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Saturday, January 11, 2014

Complementary and Alternative Medicine

There is a new study in the Journal of Behavioral and Developmental Pediatrics:  Akins, Krakowiak, Angkustsiri,  Hertz-Picciotto, and Hansen, "Utilization Patterns of Conventional and Complementary/Alternative Treatments in Children with Autism Spectrum Disorders and Developmental Disabilities in a Population-Based Study.  The abstract:
Objective: To compare the utilization of conventional treatments and utilization of complementary and alternative medicine in preschoolers with autism spectrum disorders (ASD) and other developmental disabilities (DD).
Methods: Participants were 578 children who were part of an ongoing population-based, case-control study of 2- to 5-year olds with ASD, DD, and the general population. Parents completed an interview on past and current services.
Results: Four hundred fifty-three children with ASD and 125 DD children were included. ASD families received more hours of conventional services compared with DD families (17.8 vs 11;p < .001). The use of psychotropic medications was low in both groups (approximately 3%). Overall, complementary and alternative medicine (CAM) use was not significantly different in ASD (39%) versus DD (30%). Hispanic families in both groups used CAM less often than non-Hispanic families. Variables such as level of function, immunization status, and the presence of an identified neurogenetic disorder were not predictive of CAM use. A higher level of parental education was associated with an increased CAM use in ASD and DD. Families who used >20 hours per week of conventional services were more likely to use CAM, including potentially unsafe or disproven CAM. [emphasis added] Underimmunized children were marginally more likely to use CAM but not more likely to have received potentially unsafe or disproven CAM.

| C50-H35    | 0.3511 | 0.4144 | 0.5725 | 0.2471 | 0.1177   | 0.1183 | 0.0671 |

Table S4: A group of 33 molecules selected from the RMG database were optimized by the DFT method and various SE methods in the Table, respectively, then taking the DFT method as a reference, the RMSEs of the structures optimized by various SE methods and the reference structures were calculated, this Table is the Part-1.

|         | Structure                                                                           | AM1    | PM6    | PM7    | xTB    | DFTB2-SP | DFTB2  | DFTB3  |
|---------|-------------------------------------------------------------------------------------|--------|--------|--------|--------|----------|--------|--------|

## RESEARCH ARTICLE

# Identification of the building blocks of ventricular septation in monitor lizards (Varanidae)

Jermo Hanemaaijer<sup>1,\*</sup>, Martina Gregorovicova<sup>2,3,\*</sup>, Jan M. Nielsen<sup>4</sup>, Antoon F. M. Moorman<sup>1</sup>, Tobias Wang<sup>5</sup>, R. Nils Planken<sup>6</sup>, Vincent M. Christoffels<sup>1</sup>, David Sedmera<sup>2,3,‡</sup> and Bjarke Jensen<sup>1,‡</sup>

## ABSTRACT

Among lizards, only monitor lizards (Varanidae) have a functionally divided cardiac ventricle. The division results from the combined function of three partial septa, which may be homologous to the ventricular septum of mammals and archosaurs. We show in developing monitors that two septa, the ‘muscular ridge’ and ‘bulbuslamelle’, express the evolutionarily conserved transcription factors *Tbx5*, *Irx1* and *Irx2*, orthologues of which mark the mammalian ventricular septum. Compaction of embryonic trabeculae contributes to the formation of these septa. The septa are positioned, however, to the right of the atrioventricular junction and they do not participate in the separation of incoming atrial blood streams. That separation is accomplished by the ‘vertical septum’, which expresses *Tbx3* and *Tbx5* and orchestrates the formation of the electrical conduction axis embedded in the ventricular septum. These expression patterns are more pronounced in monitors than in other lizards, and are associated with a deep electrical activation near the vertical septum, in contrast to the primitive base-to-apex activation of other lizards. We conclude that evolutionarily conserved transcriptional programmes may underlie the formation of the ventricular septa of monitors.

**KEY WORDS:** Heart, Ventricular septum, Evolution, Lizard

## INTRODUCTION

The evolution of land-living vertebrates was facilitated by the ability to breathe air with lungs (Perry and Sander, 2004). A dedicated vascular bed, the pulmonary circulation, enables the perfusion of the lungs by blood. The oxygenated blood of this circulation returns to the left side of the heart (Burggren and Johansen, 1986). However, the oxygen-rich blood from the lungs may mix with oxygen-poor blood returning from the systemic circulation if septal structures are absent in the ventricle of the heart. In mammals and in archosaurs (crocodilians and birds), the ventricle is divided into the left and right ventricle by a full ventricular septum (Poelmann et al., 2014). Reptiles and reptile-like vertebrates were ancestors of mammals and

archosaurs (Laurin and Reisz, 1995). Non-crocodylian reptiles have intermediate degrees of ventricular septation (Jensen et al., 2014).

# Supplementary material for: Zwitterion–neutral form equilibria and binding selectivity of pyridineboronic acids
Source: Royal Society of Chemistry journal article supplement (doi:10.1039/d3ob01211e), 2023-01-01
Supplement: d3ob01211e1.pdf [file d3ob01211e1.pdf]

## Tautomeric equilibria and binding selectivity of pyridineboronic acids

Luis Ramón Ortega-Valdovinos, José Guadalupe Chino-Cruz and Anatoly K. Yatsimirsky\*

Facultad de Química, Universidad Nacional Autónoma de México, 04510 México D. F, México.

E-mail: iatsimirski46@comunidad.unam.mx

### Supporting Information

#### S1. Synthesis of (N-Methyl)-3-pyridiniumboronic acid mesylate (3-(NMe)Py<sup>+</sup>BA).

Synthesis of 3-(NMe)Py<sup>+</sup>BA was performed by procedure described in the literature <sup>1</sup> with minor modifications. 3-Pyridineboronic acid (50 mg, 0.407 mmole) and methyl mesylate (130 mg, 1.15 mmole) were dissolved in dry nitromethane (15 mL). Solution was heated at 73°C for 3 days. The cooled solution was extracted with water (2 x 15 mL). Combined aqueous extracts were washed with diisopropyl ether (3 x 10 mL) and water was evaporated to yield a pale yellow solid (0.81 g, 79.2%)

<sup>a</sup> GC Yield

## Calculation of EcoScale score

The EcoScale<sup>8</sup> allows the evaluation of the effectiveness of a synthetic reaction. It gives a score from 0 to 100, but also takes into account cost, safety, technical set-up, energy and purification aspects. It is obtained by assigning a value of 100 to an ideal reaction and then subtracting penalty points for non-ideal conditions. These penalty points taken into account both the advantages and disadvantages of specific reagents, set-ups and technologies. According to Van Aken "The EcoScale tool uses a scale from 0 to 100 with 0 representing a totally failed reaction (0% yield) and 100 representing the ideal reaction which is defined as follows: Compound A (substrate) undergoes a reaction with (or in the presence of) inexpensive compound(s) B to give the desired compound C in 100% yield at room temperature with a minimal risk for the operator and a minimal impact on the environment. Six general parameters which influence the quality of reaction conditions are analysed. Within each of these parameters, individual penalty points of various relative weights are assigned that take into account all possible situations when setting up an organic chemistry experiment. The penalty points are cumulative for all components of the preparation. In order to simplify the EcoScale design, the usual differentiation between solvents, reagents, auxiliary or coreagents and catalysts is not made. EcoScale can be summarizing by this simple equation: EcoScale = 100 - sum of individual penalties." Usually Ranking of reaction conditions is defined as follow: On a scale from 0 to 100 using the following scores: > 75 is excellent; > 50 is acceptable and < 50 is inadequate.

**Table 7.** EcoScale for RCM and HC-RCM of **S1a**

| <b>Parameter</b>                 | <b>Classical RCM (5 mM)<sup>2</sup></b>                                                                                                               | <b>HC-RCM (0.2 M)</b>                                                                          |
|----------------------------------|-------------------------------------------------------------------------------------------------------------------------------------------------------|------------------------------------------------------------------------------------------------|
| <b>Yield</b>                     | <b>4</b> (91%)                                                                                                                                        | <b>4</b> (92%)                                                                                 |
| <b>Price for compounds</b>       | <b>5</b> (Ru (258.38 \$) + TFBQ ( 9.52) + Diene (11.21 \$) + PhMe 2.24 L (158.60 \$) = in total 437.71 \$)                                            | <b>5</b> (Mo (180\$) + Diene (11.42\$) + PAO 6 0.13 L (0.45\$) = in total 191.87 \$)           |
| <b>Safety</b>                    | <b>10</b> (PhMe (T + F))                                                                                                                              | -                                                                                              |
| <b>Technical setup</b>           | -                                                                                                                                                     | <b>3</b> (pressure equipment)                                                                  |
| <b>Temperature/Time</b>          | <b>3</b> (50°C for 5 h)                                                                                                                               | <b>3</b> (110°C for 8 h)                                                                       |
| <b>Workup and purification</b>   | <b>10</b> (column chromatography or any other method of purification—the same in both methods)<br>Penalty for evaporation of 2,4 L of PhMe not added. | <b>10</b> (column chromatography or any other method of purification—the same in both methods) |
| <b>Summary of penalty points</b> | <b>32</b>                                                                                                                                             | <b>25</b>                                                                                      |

Conclusion: Use of CAM is common in families of young children with neurodevelopmental disorders, and it is predicted by higher parental education and non-Hispanic ethnicity but not developmental characteristics. Further research should address how health care providers can support families in making decisions about CAM use.
At The Huffington Post, Catherine Pearson writes:
"CAM use is quite prevalent, especially in children with" autism spectrum disorders, said Dr. Kathleen Angkustsiri, an assistant professor of developmental and behavioral pediatrics at the University of California, Davis, MIND Institute and an author of the study. She emphasized that parents used CAM in addition to traditional, evidence-based treatments -- not as a replacement.
But researchers also found that 9 percent of the children had been treated with some form of potentially harmful CAM.
Some had used chelation therapy, used to remove heavy metals from the body. It has been shown ineffective in treating autism -- and unsafe. Others had used treatments the researchers considered invasive, such as vitamin B12 injections. Only one child had used secretin, a drug that has been shown to be ineffective treating autism. The authors said that shows the scientific community has successfully communicated the results of clinical trials to the general public.

Overall, Paul Wang, senior vice president for medical research at the nonprofit advocacy group Autism Speaks, said he was not surprised by the high use of CAM among children with autism, citing a larger study, published in the journal Pediatrics last year, which found that roughly 30 percent of children had used some form of CAM -- with higher usage among children with gastrointestinal issues.